WAUKESHA, Wisconsin — A pair of 13-year-old girls accused of trying to kill their friend as a sacrifice to a horror fiction character called Slender Man sat silently in court Friday, prompting the judge to issue a not guilty plea on their behalf.
Judge Michael Bohren also said the young teens will stand trial together starting Oct. 15.
Defense lawyers didn't object to the not guilty pleas, though they did protest the court's jurisdiction in the case. Attorneys for each girl said after the hearing that they believe the case should be tried in juvenile court.
"She was 12 years old when it happened," attorney Maura McMahon said.
Bohren decided recently that the case should remain in adult court, given the grim nature of the crime.
The girls each face a charge of attempted first-degree intentional homicide and could spend decades in prison if they're convicted in the 2014 attack.
Investigators say the suburban Milwaukee girls plotted for months to jump Payton Leutner after a sleepover. They intended to kill her, police say, to earn the favor of Slender Man, described in online fantasy stories as an unnaturally tall and thin creature who wears a dark suit and has no visible facial features.
Slender Man stories have proliferated in recent years, and the girls wanted to kill for him, in part, to prove his existence, police say.
The girls, 12 at the time of the stabbing, believed they would have a home in Slender Man's mansion after killing Payton, police say. After stabbing the girl and leaving her for dead, the girls started walking to a forest 300 miles away, where they believed Slender Man lived, police say.
Payton was stabbed 19 times, and one wound narrowly missed a major artery near her heart. After the attack, she crawled to a road and was found lying by a passing bicyclist.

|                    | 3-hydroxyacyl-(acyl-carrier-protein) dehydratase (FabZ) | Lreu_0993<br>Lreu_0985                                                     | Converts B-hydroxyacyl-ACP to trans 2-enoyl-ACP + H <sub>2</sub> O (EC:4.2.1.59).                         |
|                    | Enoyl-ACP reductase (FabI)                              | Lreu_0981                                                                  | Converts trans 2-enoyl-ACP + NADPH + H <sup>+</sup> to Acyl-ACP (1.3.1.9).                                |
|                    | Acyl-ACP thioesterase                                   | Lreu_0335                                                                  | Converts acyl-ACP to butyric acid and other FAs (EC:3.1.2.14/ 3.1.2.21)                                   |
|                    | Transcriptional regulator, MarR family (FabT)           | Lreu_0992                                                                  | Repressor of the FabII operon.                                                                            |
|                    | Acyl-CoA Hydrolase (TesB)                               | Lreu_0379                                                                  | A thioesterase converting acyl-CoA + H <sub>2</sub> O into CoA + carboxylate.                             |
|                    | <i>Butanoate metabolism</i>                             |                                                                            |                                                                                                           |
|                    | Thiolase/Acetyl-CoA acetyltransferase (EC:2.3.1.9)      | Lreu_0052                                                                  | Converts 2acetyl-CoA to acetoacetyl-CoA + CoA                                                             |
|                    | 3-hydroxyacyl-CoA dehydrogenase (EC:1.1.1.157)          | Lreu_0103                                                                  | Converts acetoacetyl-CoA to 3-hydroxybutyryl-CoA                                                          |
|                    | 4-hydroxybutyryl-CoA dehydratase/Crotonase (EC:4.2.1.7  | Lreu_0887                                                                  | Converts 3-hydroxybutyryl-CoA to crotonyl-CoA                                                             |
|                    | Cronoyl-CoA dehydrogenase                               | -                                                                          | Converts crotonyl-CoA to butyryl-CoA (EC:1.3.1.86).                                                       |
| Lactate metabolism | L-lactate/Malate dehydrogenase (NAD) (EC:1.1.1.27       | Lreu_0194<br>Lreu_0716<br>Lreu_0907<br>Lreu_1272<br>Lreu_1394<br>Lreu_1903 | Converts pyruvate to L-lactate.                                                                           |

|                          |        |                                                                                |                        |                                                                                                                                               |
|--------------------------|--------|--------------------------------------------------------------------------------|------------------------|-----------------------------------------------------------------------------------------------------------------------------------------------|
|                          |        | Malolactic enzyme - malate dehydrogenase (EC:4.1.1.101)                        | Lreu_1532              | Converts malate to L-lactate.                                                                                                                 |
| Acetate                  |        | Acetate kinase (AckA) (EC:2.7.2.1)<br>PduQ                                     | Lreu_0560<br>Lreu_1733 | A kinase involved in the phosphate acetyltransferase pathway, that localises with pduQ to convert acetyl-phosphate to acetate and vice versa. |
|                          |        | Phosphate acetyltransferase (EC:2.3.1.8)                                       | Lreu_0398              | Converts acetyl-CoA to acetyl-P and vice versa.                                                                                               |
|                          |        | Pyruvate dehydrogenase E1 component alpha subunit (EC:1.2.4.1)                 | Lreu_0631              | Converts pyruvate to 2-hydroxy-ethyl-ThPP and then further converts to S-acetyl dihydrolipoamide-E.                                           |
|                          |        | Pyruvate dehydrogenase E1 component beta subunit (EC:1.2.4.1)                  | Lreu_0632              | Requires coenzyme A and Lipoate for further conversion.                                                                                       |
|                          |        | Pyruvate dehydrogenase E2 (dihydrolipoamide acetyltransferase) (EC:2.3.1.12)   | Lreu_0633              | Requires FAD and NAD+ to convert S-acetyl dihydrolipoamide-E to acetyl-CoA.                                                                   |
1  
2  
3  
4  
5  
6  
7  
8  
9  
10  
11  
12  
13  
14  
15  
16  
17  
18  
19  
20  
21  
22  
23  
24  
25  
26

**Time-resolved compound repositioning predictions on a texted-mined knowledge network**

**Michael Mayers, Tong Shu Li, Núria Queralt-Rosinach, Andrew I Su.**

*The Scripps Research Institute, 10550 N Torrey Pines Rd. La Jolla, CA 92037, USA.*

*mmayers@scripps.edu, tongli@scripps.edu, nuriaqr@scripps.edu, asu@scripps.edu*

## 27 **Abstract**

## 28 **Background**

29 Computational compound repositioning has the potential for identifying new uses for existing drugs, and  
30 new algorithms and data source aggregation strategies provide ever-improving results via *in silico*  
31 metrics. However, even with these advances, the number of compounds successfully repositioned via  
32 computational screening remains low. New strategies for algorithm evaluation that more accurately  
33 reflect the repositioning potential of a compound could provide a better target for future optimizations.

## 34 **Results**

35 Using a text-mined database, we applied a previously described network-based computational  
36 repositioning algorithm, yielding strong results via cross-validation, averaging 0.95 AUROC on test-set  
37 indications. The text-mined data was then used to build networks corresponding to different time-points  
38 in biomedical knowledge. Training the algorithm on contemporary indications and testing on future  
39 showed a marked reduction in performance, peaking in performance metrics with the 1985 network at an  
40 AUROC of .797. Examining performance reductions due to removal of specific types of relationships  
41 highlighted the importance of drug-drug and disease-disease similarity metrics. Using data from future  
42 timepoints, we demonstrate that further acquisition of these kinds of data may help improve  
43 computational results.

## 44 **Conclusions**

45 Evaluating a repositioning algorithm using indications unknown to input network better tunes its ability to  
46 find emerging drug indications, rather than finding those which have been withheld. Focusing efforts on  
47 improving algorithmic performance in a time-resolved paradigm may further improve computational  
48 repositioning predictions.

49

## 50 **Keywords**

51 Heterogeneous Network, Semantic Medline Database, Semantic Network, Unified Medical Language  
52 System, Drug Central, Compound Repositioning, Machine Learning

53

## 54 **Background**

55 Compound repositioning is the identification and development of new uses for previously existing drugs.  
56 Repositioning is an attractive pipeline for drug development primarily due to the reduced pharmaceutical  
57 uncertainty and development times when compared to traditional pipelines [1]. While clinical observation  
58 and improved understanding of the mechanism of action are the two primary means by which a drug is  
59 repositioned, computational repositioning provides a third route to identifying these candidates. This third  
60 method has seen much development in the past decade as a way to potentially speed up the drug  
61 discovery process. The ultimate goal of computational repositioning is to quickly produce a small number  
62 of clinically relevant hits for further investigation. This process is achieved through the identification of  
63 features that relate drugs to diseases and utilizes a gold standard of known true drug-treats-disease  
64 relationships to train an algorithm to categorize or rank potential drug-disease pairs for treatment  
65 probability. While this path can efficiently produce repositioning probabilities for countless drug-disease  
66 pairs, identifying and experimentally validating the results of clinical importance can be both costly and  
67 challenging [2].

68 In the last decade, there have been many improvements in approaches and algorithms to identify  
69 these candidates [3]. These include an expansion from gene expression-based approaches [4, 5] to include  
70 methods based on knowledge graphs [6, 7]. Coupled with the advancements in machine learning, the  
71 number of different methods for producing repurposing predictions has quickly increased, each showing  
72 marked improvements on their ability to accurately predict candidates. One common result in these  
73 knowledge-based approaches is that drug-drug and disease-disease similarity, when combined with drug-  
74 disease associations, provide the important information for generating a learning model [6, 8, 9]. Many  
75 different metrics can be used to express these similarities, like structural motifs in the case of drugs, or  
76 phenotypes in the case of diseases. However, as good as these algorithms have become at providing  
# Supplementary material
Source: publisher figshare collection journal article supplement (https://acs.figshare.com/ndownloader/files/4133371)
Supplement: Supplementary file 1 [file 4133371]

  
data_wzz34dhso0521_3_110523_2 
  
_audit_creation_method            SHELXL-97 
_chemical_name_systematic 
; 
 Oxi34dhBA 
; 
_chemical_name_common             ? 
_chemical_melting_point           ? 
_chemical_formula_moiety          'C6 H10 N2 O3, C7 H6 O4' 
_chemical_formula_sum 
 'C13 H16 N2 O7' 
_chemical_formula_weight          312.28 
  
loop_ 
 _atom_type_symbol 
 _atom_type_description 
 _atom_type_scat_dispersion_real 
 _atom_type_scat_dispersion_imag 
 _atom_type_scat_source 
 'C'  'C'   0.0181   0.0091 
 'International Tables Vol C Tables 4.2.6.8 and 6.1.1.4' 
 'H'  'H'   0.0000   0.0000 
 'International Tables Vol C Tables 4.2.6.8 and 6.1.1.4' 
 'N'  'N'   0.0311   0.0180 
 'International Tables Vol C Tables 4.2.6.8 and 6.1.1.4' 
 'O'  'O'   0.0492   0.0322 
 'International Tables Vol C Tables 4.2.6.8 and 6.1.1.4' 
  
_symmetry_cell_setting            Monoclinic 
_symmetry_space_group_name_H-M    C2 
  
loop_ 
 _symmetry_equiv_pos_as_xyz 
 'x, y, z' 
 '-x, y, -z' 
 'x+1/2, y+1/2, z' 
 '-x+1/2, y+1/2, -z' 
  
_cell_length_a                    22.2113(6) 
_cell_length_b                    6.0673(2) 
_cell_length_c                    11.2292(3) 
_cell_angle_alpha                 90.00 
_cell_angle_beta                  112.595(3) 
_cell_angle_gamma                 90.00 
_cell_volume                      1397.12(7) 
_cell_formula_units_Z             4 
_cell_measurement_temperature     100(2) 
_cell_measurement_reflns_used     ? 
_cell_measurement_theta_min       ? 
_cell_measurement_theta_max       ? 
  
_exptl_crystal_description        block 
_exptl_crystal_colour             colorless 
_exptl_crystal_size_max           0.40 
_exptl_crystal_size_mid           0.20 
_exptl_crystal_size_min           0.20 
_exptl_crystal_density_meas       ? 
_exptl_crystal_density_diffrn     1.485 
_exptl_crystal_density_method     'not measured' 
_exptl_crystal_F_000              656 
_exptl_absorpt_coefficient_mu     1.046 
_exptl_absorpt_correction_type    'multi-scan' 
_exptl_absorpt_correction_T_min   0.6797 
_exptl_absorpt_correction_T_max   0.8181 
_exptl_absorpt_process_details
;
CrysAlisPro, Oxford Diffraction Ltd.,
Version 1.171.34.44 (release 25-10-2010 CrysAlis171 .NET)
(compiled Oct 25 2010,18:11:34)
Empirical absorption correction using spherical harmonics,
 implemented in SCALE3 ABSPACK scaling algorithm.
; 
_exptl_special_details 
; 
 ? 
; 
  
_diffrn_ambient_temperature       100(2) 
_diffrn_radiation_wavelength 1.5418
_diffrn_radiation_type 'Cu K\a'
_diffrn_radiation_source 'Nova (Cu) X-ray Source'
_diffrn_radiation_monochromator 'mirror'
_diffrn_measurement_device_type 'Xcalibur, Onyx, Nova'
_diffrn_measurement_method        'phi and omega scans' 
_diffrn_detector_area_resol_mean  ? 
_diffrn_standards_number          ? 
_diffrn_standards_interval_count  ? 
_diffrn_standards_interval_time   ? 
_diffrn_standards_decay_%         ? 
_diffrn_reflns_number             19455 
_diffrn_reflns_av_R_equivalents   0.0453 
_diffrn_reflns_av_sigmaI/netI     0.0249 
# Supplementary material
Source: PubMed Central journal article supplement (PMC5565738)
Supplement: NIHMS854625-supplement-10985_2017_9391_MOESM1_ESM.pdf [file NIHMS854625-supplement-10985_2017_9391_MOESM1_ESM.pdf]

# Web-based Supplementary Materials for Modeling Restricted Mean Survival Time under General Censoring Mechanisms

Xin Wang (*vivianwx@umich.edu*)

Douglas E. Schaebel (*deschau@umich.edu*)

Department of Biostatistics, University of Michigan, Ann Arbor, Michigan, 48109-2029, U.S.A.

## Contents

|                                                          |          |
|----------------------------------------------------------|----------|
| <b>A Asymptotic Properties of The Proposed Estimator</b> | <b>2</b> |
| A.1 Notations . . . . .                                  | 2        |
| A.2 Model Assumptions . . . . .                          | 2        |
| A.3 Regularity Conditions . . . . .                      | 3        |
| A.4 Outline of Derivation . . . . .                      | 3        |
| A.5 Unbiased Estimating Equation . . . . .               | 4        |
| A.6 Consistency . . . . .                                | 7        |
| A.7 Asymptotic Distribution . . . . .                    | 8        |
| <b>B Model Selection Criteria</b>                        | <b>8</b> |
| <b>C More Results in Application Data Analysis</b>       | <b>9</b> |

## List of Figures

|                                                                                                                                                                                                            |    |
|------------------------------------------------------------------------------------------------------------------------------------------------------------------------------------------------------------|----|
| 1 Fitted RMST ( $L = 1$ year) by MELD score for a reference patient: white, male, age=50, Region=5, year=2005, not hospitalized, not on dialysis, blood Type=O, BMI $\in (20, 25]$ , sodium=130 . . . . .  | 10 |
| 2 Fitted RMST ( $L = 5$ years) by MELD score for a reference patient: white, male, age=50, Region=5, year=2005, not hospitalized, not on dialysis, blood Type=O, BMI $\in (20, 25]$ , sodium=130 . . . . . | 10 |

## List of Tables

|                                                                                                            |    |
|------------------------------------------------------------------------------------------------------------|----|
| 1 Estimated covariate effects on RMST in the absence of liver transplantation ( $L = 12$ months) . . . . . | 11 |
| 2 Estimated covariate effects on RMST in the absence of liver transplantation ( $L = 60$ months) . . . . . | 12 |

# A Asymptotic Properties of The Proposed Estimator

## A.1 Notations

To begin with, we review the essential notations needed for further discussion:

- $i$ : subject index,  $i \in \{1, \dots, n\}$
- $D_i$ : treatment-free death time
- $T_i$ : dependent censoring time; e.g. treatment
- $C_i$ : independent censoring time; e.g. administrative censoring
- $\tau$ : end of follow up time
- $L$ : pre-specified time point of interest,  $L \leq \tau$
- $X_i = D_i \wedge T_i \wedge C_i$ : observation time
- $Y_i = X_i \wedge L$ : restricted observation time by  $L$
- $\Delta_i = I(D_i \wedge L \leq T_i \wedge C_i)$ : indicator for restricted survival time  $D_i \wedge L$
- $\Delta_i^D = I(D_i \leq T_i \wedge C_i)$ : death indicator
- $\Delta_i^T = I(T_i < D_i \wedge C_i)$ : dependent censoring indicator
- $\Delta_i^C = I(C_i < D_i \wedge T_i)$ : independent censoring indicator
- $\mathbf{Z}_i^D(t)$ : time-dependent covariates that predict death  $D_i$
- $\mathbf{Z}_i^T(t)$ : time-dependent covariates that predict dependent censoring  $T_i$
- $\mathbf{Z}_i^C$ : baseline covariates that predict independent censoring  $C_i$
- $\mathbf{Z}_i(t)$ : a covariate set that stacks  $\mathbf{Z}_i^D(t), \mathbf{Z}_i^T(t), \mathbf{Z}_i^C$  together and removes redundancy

She survived her wounds — a recovery her family has called "miraculous" — and returned to school within months.
The Associated Press has not identified the girls because an appeals court could move their cases to juvenile court, where proceedings are closed to the public.
Tony Cotton, who has been the lead attorney for one of the girls, said ahead of the hearing that his client would enter pleas of not guilty and not guilty by reason of mental disease or defect.
Defense attorneys have argued that the case belongs in juvenile court, saying the adolescents suffer from mental illnesses and won't get appropriate treatment in the adult prison system.
But Bohren refused that request recently, saying the girls should be in adult court, despite their age. He said if they were found guilty in the juvenile system they would be released when they turned 18 with no further supervision or mental health treatment.
The girls face 65 years in prison if convicted as adults. They have been in custody since being arrested the day of the attack.
The defense teams are awaiting a written order from the court in response to a previous request before they make their next move, and the judge said that order would come soon.